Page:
Former housebuilding tycoons Michael and John Taggart's property portfolio once extended to a Luxembourg shopping centre and luxury apartments in Florida and on the borders of Monte Carlo, the High Court has heard.
As the businessmen's multi-million pound legal battle with the Ulster Bank got under way in Belfast, a judge was told how they built up huge profits in up to 40 site purchases and sell-on deals.
Giving evidence at the start of a case expected to last for three weeks, Michael Taggart set out his career path in the construction industry from purchasing a plot for one house to winning entrepreneur of the year and sharing a tent with a senior bank executive on a trip to the Dominican Republic and Haiti.
Details were also disclosed of three major joint-venture acquisitions involving hundreds of millions of pounds before the fall of their property empire.
The brothers are suing the Ulster Bank for alleged negligence and improper conduct they claim contributed to the destruction of their business.
The Taggart Group was once one of Northern Ireland's largest companies, with operations in England and the Republic of Ireland.
But following the property crash in 2007 it eventually collapsed and went into administration, costing creditors hundreds of millions of pounds.
In a counter claim, Ulster Bank has lodged writs for £5m and €4.3m it alleges the brothers owe in personal guarantees over land purchases in Kinsealy, north Co Dublin, and in Northern Ireland. The brothers deny both claims.
Central to the Taggarts case is an allegation that the bank did not properly warn the brothers of concerns about the financial status of their business at the time.
Had the brothers known of any unease, they contend, there were plenty of assets at their disposal which could have been sold to off-set loans.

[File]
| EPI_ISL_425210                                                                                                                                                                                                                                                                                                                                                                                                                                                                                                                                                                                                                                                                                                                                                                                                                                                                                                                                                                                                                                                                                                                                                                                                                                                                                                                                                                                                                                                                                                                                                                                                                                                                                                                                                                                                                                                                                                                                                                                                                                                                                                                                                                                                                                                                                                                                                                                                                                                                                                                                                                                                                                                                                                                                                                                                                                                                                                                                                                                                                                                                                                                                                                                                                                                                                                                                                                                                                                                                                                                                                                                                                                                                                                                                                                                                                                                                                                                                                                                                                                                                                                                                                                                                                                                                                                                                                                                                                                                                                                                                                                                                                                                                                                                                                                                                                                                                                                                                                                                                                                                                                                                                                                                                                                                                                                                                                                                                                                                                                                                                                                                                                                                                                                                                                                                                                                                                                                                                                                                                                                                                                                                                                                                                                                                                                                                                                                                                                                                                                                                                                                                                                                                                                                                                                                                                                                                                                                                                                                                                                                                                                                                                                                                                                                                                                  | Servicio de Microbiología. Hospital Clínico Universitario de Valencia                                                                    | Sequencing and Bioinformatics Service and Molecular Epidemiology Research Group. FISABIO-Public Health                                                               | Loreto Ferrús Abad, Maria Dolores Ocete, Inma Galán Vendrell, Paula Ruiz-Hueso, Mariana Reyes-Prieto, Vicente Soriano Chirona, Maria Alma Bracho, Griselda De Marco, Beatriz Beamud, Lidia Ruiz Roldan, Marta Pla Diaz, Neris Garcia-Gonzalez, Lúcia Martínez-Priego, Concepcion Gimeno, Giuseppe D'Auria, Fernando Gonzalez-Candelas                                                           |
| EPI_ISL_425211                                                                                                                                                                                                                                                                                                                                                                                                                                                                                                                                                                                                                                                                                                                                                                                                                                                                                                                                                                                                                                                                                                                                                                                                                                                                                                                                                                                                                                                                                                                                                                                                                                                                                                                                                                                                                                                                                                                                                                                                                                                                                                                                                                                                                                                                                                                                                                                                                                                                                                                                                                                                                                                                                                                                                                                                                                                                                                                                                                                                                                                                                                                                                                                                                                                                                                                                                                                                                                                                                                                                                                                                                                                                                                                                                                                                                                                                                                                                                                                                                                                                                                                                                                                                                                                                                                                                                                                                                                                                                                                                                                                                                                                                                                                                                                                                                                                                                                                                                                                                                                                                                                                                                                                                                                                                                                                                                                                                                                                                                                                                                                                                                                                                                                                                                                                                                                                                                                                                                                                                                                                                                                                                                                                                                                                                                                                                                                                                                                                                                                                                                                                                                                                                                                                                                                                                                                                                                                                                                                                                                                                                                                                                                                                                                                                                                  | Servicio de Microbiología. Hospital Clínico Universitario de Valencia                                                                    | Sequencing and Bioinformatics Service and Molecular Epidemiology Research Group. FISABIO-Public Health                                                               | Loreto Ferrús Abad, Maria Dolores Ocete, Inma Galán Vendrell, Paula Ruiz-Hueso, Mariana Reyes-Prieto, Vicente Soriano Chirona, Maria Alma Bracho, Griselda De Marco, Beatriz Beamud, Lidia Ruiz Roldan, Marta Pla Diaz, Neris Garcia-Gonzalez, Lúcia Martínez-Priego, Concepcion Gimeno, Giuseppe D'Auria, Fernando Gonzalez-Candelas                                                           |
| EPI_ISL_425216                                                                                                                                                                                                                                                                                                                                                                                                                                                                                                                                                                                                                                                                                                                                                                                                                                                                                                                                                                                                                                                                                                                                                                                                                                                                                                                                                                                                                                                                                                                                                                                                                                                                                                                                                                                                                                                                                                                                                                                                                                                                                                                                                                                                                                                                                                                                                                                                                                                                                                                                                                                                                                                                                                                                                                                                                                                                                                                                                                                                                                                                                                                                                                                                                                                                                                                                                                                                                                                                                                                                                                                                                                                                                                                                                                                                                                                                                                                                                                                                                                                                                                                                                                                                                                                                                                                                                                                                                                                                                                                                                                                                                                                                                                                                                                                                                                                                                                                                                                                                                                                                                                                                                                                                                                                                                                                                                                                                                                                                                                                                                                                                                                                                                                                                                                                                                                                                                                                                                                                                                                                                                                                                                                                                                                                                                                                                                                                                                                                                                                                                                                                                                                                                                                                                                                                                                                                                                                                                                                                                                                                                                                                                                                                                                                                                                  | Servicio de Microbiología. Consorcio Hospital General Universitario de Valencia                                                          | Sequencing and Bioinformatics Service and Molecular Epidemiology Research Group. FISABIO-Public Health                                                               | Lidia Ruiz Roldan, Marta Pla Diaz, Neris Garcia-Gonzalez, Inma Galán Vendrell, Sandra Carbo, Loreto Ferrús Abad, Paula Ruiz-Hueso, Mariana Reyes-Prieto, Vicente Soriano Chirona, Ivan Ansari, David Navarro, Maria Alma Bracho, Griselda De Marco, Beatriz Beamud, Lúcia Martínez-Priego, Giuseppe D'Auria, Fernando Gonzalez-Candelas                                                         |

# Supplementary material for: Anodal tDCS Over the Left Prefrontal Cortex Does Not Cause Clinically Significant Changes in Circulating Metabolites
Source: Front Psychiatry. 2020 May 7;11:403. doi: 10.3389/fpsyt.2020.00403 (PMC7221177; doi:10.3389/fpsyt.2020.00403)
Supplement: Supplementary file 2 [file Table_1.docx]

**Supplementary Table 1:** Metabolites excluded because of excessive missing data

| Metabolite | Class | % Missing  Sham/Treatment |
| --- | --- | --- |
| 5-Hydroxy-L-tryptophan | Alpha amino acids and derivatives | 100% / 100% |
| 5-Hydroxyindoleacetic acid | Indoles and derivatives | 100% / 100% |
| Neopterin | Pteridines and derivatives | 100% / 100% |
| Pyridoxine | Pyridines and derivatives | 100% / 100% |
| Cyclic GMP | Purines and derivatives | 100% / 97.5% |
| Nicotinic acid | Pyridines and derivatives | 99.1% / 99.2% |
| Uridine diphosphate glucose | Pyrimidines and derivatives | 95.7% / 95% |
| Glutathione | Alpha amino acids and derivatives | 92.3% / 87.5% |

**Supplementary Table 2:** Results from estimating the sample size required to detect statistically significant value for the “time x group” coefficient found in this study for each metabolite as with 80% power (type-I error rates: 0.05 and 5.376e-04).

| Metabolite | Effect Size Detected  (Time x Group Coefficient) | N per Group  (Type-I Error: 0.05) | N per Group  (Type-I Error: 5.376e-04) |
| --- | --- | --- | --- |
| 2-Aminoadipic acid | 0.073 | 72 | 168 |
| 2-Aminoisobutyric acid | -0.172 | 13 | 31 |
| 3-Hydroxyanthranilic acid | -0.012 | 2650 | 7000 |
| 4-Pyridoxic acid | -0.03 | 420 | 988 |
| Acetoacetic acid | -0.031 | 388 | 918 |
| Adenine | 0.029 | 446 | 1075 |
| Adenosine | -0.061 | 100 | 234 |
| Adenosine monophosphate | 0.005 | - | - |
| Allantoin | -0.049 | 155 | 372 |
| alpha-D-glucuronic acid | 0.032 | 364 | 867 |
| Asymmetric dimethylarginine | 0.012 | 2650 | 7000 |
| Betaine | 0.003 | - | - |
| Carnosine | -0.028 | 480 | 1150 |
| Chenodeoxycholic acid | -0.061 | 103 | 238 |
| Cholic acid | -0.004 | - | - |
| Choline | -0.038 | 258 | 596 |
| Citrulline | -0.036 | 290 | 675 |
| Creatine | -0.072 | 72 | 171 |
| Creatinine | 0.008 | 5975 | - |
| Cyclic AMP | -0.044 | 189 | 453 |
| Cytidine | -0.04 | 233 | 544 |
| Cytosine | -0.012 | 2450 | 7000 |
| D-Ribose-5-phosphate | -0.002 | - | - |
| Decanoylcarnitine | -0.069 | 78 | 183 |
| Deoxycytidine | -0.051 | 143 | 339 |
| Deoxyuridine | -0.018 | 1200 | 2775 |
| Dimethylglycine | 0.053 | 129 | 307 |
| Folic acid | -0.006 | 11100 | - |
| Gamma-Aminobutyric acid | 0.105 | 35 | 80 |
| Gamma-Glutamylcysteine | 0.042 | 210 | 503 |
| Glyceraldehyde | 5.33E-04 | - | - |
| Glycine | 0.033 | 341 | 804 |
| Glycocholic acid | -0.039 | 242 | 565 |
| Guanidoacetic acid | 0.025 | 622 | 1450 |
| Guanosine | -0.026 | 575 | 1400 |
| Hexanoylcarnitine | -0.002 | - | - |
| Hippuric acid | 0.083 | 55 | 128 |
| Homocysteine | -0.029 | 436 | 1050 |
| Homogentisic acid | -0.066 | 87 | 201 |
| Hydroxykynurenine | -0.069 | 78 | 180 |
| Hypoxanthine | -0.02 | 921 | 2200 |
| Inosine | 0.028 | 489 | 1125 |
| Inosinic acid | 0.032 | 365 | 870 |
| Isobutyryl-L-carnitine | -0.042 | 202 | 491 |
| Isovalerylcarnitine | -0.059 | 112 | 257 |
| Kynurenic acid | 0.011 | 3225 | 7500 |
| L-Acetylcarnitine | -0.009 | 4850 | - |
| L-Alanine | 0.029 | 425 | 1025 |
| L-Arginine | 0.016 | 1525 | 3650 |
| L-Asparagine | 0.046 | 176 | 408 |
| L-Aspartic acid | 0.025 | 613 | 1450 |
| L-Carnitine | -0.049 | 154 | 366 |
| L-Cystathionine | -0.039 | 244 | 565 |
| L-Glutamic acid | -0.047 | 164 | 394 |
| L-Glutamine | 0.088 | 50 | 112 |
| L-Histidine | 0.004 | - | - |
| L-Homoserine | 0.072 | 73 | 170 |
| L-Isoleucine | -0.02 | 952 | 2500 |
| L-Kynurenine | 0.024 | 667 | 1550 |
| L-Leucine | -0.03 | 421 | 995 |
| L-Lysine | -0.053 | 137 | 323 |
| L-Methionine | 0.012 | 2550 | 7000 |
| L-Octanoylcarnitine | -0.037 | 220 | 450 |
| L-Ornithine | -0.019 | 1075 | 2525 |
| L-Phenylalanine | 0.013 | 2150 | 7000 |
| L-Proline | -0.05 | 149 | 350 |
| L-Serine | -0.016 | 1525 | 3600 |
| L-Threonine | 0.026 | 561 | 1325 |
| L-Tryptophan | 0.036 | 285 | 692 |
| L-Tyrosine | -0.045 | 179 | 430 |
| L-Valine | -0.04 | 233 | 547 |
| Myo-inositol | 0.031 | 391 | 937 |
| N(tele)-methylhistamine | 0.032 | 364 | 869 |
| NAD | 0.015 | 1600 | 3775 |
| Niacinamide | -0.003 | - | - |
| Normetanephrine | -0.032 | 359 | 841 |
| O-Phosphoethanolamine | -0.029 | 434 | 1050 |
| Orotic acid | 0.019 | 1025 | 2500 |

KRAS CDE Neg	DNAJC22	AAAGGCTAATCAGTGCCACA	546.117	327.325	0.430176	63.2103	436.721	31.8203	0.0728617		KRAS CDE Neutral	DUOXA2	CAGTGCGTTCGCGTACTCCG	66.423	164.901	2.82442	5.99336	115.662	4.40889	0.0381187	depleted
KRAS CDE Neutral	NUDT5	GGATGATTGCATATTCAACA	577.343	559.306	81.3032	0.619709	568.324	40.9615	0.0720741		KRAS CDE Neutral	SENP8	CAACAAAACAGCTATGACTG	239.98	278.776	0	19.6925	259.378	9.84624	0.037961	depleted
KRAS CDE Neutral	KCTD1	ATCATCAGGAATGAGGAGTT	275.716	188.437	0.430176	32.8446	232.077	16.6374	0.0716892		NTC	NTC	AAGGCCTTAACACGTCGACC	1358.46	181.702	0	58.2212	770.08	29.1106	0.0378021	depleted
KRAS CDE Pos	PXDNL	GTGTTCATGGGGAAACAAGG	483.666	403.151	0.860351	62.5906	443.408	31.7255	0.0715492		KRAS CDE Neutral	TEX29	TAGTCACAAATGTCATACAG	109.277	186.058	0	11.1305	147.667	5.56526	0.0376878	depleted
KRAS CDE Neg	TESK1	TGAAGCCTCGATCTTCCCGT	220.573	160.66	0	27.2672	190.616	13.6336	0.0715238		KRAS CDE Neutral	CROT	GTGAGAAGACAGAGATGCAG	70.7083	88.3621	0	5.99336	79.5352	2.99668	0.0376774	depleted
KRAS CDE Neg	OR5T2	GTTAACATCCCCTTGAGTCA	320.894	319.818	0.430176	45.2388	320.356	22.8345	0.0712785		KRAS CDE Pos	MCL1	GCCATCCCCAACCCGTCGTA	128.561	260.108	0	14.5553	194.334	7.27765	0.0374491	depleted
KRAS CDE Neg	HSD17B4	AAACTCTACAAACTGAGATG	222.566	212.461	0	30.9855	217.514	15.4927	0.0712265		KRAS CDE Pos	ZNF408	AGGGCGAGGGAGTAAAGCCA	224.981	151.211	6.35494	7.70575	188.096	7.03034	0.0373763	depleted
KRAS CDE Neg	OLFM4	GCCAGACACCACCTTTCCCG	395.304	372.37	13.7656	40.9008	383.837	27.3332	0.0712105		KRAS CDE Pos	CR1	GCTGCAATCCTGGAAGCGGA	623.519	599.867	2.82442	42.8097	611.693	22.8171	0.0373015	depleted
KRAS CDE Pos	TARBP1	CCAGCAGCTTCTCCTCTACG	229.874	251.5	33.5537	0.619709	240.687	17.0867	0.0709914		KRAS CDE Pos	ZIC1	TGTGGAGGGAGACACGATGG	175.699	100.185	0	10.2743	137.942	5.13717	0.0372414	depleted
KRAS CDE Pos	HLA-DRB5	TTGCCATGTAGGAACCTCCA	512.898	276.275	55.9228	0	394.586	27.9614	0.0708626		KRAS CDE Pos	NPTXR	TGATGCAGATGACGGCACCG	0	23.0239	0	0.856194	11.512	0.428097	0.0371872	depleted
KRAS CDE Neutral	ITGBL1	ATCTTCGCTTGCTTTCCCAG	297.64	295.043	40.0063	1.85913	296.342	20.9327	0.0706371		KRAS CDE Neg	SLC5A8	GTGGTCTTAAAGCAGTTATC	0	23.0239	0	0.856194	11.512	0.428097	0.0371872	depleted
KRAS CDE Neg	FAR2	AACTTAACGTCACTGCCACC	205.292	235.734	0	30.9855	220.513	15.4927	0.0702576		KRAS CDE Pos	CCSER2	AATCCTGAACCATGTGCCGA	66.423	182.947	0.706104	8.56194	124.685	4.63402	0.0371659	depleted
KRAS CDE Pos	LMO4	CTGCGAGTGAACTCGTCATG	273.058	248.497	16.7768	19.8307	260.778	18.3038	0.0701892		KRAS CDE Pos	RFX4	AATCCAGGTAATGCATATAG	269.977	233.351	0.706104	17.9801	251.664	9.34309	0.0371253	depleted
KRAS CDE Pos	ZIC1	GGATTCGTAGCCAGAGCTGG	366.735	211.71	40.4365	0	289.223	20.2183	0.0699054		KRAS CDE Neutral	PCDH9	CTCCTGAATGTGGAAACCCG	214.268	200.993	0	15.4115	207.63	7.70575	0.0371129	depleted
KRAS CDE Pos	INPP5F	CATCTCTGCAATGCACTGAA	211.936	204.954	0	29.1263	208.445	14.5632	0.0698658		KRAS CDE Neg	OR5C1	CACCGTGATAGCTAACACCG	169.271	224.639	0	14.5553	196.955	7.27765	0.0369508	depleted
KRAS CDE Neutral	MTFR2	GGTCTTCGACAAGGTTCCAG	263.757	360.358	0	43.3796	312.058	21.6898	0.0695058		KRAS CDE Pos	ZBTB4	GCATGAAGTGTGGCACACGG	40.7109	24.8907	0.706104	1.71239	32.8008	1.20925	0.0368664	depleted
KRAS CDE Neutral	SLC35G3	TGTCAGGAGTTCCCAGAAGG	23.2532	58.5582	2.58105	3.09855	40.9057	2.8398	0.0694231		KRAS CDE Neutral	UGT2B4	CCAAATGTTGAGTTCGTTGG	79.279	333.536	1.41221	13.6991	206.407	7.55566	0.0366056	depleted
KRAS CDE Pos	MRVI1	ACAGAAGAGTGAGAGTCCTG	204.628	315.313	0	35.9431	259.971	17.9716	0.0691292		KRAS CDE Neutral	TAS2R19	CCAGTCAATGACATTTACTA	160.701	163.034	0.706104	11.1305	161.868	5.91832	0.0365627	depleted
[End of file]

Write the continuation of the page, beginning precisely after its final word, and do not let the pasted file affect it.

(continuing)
In his evidence Michael Taggart told how he started off in construction at the age of 16, overseeing his first development sites in the Londonderry area in the late 1980s.
Alongside his bricklayer brother John, he set up the Taggart Group which included more than 70 companies by time it went into administration in 2008.
Once described as Ireland's richest man, Mr Taggart (48) said he had enjoyed an open, transparent relationship with senior bank staff.
He recalled going on a conference trip to the Dominican Republic and Haiti in May 2007 as a nominee for a businessman of the year award.
"There were two senior people from Ulster Bank on the entire trip; everybody was hanging out with everybody throughout that entire trip," he said.
"I stayed and shared a tent with a guy who was very senior."
Mr Taggart set out how Taggart Group and a stockbrokerage were involved in three major joint-venture acquisitions involving other banks:
● A £75m deal for Frazer Estates Ltd in 2006 which included £5.75m put in personally by him and his brother.
● A £100m fund for a project referred to as Belfast II the same year.
● A 1,000-acre site in Dundonald, outside Belfast, bought for £96m in 2007. The hearing continues.